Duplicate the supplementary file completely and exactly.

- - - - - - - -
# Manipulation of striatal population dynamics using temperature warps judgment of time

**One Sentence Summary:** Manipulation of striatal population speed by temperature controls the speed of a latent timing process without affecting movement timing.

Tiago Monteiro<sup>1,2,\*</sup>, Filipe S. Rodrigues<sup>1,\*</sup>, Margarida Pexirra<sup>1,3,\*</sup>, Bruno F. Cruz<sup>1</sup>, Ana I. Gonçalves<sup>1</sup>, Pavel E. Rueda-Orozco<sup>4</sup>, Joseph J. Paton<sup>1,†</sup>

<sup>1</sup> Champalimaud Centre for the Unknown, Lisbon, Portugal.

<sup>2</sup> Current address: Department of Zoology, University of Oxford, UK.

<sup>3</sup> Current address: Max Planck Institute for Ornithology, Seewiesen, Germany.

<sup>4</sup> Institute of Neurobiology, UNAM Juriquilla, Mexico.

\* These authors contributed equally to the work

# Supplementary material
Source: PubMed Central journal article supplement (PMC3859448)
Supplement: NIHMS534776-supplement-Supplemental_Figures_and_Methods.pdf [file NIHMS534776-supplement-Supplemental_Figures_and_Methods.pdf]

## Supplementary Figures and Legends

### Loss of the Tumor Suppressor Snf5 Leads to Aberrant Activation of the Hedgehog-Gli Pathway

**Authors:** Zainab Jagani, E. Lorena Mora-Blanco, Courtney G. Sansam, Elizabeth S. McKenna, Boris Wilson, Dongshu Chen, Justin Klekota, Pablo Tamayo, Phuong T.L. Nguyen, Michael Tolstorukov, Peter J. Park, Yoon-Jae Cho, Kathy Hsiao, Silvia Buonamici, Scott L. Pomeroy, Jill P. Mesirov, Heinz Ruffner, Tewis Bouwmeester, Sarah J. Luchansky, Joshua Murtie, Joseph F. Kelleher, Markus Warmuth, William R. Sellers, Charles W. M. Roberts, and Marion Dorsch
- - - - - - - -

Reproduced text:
# Manipulation of striatal population dynamics using temperature warps judgment of time

**One Sentence Summary:** Manipulation of striatal population speed by temperature controls the speed of a latent timing process without affecting movement timing.

Tiago Monteiro<sup>1,2,\*</sup>, Filipe S. Rodrigues<sup>1,\*</sup>, Margarida Pexirra<sup>1,3,\*</sup>, Bruno F. Cruz<sup>1</sup>, Ana I. Gonçalves<sup>1</sup>, Pavel E. Rueda-Orozco<sup>4</sup>, Joseph J. Paton<sup>1,†</sup>

<sup>1</sup> Champalimaud Centre for the Unknown, Lisbon, Portugal.

<sup>2</sup> Current address: Department of Zoology, University of Oxford, UK.

<sup>3</sup> Current address: Max Planck Institute for Ornithology, Seewiesen, Germany.

<sup>4</sup> Institute of Neurobiology, UNAM Juriquilla, Mexico.

\* These authors contributed equally to the work

# Supplementary material
Source: PubMed Central journal article supplement (PMC3859448)
Supplement: NIHMS534776-supplement-Supplemental_Figures_and_Methods.pdf [file NIHMS534776-supplement-Supplemental_Figures_and_Methods.pdf]

## Supplementary Figures and Legends

### Loss of the Tumor Suppressor Snf5 Leads to Aberrant Activation of the Hedgehog-Gli Pathway

**Authors:** Zainab Jagani, E. Lorena Mora-Blanco, Courtney G. Sansam, Elizabeth S. McKenna, Boris Wilson, Dongshu Chen, Justin Klekota, Pablo Tamayo, Phuong T.L. Nguyen, Michael Tolstorukov, Peter J. Park, Yoon-Jae Cho, Kathy Hsiao, Silvia Buonamici, Scott L. Pomeroy, Jill P. Mesirov, Heinz Ruffner, Tewis Bouwmeester, Sarah J. Luchansky, Joshua Murtie, Joseph F. Kelleher, Markus Warmuth, William R. Sellers, Charles W. M. Roberts, and Marion Dorsch